Hiring workers with disabilities touted as way to bridge employment gap
Award ceremonies are often an opportunity for winners to puff out their chests with pride, but Grafton-based Portal, Inc. celebrated October as National Disability Employment Awareness Month by recognizing local businesses that work behind the scenes to support its job placement efforts.
Portal is a not-for-profit agency that serves and trains teens and adults with developmental disabilities.
Its services are funded in part through the Wisconsin Division of Vocational Rehabilitation under the Department of Workforce Development.
Although the agency welcomes contract work from outside businesses, much of the training it provides is to make individuals with disabilities workforce ready.
The agency refers to the individuals it works with as candidates with “disAbilities” — emphasizing the things they can do rather than stressing the things they can’t.
According to the agency, more than 100 employers throughout Ozaukee County currently employ individuals who were referred to them by Portal.
The awards were presented during an employer appreciation luncheon, Oct. 20 at Bunker’s Restaurant at Edgewater Golf Course, located across Cedar Creek Road from Portal.
“This was a celebration and recognition of the local businesses that demonstrate diverse hiring practices to meet their employee needs,” Portal Executive Director Carole Stuebe said in a news release about the award program.
“It is the leadership of these local employers who create shared success by customizing jobs to match their business needs with the strengths and abilities of (Portal) job candidates.”
Stuebe said the special month “also recognizes the accomplishments of individuals with disabilities whose work strengthens the economy and ensures equal opportunities for all.”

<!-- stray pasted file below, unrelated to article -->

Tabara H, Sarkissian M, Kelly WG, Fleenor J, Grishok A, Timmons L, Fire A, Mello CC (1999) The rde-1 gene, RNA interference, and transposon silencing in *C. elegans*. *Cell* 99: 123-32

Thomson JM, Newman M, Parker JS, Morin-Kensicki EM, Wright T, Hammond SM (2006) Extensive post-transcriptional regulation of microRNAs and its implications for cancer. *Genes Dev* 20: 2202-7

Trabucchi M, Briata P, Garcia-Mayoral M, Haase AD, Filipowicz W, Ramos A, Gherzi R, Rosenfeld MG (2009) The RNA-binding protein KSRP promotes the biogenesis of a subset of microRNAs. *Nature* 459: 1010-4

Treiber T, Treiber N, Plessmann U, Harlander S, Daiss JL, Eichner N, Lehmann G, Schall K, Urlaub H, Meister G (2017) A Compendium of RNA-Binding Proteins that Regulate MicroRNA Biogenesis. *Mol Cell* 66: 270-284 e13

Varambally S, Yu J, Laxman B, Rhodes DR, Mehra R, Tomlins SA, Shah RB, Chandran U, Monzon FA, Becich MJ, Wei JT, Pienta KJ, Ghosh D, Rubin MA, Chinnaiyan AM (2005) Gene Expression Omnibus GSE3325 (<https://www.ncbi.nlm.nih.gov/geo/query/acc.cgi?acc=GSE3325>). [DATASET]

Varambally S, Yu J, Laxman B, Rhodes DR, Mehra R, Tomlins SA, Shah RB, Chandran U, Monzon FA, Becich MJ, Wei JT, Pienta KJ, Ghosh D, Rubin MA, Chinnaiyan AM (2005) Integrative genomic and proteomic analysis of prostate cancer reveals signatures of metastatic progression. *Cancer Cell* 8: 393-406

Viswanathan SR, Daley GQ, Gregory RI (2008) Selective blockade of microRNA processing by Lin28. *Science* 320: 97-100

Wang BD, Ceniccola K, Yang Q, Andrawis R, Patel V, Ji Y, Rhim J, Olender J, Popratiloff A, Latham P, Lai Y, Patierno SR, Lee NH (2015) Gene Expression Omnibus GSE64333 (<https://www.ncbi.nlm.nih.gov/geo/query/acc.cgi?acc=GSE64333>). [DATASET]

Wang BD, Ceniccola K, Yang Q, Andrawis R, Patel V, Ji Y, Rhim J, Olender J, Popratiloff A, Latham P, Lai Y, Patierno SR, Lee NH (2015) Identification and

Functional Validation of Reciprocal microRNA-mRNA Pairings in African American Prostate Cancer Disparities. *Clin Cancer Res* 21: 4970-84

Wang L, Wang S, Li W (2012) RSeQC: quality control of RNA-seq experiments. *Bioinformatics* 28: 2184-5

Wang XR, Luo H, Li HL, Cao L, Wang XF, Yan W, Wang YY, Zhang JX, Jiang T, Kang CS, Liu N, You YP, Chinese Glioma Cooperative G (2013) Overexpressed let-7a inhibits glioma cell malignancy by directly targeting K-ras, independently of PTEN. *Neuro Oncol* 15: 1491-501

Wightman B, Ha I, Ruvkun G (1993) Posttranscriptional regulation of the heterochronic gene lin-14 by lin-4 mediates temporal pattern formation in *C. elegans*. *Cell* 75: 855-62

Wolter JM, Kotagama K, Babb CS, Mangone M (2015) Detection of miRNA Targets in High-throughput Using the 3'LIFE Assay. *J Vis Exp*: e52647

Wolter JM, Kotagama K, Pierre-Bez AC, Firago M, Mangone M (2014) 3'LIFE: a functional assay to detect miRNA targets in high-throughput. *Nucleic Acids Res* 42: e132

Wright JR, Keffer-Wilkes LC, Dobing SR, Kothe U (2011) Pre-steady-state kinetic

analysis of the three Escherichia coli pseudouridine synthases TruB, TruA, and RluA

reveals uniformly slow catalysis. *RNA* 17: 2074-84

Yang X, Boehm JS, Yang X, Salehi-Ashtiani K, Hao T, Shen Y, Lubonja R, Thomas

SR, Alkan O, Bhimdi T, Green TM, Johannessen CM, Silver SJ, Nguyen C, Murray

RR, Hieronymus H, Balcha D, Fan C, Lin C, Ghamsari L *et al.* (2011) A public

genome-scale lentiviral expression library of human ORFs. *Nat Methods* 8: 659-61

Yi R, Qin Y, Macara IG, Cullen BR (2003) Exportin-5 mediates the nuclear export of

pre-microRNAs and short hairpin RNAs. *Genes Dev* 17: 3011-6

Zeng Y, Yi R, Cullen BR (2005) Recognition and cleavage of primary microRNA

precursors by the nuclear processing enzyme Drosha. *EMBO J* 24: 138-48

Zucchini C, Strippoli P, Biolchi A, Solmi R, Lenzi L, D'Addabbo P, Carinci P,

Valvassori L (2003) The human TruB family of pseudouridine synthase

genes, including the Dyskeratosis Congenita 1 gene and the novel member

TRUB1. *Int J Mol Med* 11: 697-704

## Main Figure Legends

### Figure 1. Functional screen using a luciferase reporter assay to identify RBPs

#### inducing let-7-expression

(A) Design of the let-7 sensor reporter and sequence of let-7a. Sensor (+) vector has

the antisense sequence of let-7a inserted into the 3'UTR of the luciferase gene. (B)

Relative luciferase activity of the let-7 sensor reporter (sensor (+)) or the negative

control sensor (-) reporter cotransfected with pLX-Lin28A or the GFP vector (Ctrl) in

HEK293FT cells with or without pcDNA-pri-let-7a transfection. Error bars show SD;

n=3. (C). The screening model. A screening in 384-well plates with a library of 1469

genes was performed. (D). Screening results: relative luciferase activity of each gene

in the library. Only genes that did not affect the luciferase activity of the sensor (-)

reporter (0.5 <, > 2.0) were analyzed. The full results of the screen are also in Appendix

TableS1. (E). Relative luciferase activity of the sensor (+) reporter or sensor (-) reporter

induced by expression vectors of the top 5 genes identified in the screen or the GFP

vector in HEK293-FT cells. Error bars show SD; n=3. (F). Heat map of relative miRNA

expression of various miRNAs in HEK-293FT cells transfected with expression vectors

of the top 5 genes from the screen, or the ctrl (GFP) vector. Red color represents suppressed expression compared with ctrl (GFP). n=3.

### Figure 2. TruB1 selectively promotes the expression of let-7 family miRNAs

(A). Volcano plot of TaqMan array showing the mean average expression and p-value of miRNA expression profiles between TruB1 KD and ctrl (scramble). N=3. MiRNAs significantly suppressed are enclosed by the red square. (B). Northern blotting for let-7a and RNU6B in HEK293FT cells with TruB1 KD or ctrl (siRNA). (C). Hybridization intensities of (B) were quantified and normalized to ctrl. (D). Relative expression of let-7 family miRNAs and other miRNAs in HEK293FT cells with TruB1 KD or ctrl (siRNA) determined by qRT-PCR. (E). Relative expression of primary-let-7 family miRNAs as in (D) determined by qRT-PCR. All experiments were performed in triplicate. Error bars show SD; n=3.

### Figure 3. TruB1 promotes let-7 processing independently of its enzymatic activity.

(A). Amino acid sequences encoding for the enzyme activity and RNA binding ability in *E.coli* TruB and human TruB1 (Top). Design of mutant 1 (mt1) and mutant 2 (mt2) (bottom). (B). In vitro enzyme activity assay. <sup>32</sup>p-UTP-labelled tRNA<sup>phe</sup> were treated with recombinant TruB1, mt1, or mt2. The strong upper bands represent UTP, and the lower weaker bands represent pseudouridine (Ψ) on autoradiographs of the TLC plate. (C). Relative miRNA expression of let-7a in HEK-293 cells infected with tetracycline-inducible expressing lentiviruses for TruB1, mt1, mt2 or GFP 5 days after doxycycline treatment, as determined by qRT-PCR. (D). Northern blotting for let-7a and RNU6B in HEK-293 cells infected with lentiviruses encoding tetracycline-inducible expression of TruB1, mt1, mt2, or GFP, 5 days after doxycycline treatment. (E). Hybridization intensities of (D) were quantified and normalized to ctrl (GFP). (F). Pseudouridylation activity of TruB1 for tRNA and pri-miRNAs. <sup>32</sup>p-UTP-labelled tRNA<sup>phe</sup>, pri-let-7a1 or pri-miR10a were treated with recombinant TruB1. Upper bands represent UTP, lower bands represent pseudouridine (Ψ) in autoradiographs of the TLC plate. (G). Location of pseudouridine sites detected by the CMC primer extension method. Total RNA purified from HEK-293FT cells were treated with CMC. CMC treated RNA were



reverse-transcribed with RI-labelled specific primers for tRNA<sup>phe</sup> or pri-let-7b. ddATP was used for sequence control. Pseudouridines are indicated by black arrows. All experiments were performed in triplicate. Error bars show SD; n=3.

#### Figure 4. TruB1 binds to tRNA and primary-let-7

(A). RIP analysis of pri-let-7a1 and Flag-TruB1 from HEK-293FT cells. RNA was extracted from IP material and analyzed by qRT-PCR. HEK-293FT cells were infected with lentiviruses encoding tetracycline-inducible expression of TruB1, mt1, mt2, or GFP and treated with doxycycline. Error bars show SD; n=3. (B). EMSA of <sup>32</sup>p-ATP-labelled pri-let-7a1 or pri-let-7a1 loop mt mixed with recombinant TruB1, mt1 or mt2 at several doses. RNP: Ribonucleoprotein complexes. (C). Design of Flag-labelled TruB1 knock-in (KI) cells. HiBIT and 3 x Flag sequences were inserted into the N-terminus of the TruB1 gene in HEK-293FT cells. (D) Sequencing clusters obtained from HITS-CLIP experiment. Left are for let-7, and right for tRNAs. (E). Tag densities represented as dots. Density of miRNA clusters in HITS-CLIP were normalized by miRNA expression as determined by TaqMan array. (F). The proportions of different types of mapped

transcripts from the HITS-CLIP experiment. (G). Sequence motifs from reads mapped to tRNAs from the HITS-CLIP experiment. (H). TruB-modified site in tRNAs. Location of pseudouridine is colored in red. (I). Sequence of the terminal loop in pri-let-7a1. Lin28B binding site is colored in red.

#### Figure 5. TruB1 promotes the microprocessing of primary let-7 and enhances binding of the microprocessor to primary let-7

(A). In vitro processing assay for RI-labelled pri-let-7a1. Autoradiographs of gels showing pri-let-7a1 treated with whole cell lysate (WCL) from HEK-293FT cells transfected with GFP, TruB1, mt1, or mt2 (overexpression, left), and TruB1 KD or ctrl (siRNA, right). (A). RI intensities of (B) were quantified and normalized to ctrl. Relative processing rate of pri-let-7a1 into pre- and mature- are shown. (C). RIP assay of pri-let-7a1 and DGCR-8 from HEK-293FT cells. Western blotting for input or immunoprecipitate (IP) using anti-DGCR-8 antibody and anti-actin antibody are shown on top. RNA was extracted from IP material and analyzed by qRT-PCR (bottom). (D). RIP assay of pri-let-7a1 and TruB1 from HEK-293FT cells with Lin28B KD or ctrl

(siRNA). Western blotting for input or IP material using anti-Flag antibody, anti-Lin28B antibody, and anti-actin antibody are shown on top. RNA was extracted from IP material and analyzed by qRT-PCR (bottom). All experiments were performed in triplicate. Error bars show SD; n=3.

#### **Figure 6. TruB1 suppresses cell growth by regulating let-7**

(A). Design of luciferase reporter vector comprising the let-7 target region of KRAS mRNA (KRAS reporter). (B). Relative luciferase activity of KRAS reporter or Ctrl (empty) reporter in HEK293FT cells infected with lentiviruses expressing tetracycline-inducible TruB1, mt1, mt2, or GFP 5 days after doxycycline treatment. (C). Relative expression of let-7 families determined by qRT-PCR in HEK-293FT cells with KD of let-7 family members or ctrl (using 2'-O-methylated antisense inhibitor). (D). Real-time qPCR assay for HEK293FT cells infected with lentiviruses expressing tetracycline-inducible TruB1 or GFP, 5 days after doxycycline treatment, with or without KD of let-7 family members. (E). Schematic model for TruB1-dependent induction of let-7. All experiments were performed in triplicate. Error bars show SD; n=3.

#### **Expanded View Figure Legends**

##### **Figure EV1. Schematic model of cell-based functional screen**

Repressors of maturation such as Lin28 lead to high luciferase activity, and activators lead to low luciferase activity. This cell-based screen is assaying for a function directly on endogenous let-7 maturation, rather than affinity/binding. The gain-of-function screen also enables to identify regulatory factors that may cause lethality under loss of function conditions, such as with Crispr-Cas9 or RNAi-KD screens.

Of the five companies earning honors, Production Plastics Corporation received the Outside the Box Award. The Saukville manufacturer is a division of E-S Plastic Production.
Organizers said the award recognizes the company’s willingness to hire an individual with an intellectual disability to work safely and effectively in a manufacturing environment.
Production Plastics also broke away from its practice of only having full-time employees when it agreed to hire a Portal referral on a part-time basis.
The award was accepted by Production Plastics representatives Cheri Banasiak and Gregg Pokorny, who was also the program’s featured speaker.
Production Plastics Plant Manager Rick Robinson said the company was honored by the award, but public accolades are not what draw it to partner with Portal.
“We are a small, injection-mold company that relies on punctuality and attention to detail from our employees, and that is exactly what we get from our people from Portal,” Robinson said.
“Once they are trained on our equipment, you know they will be punched in on the time clock precisely when we want them, every day. Our employees from Portal seem to appreciate rules in black and white — so they know exactly what is expected — and they enjoy the work.”
Robinson said he has been tapping Portal as a source for a reliable workforce for more than 25 years, both at Production Plastics as well as several other Ozaukee County companies.
“Once you change the corporate culture to eliminate coworkers looking down on people with disabilities, they have proven to be real assets to our company,” Robinson said.
Four Port Washington employers also received special recognition at the luncheon.
• Drew’s True Value Hardware received the Extra Mile Award.
• Port Washington High School received the Community Partnership Award.
• Dale and Bertie Mahal, former owners of Harry’s Restaurant, received the Make It Work Award.
• Sanfillipo’s Sentry Foods received the Above and Beyond Award.
Jeanne Neuberg, one of Portal’s employment service managers, said the agency’s focus on “bridging the gap to employment” is one way of tapping the often hidden potential of employees with disabilities.
“When local businesses open their doors for employment opportunities — whether it be exposure to different jobs through tours and job shadowing, temporary work experiences or by hiring — these businesses are helping to reduce barriers that exist for many people with disabilities,” Neuberg said.
She said local employers have learned what Portal staff members have long known.
“When given a chance and levels of expectations are raised, it is amazing what people of all abilities can do,” Neuberg said.